Monitoring blood-sugar levels is vital for those with T1D, particularly because it helps them stay more aware of their body, know what to do and even what to expect, but they also have to actively control those levels by injecting insulin. Think of a monitor as the "check engine" light. It can tell you that there may be a problem, but it won't fix it for you. To fix it, you would need an injection or a pump.

Pumps and artificial pancreas

The development of insulin pumps has made a huge impact on the lives of those with T1D and parents of children with T1D by making it easier to manage their blood-sugar levels. 50 years ago, the prototype of the insulin pump was so large, it had to be a backpack, but with today's technology, it is about the size of a smartphone. The pump is worn on the outside of the body, and it delivers insulin through a tube which is placed under the skin. Insulin pumps mimic the way a pancreas works by sending out small doses of insulin that are short acting. A pump can also be manipulated depending on each person's needs. For example, you can press a button to deliver a dose with meals and snacks, you can remove it or reduce it when active and it can be programmed to deliver more at certain times or suspend delivery if necessary.

One of the most recent and trending developments in T1D research is the artificial pancreas, or more formally referred to as the automated insulin delivery (AID) systems. Essentially, the artificial pancreas is an insulin pump that works with a CGM. The CGM notifies the insulin pump of your blood-sugar reading, which acts accordingly to restore your blood sugar to the target level. The artificial pancreas allows those with T1D to be even more hands off, as it does essentially everything: It continuously monitors blood-sugar levels, calculates how much insulin you would need, which can be done through smart devices, and automatically delivers insulin through the pump.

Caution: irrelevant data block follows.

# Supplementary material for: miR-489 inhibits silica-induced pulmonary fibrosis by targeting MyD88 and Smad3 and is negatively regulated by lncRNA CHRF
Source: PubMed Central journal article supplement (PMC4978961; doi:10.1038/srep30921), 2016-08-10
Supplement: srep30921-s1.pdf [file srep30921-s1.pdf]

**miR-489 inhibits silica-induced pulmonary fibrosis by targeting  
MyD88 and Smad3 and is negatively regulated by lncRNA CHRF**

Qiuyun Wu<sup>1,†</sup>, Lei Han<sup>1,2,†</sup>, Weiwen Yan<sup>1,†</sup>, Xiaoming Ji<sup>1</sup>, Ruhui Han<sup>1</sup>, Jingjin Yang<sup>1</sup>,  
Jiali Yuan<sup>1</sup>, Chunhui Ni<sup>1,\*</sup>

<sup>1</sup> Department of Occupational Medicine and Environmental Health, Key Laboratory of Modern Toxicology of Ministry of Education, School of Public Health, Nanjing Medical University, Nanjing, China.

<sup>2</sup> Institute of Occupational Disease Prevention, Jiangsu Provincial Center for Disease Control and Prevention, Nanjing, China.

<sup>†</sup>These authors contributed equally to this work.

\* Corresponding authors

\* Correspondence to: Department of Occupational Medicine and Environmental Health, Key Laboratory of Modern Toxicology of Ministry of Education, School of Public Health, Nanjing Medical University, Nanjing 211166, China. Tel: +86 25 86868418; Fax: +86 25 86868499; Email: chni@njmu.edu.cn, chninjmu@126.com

Living with T1D is a 24/7/365 battle; however, the advances in technology make it easier and safer to live with the disease. Organizations like JDRF play a huge role in investing in research, advocating for government support and more.

November was National Diabetes Awareness Month, and this year is particularly special for JDRF, as it is the 50th year of the organization. JDRF was founded in 1970 by two moms. The community grew to include scientists, lobbyists, celebrities and children—all determined to improve lives and find cures.

Bound by a will stronger than the disease, this year during National Diabetes Awareness Month (NDAM), JDRF celebrates "The Power of Us." We are reflecting on the power of our community and reminding ourselves and the public of how far we've come in the fight against T1D.


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Rick Byrd is the executive director of the JDRF Southern Texas Chapter.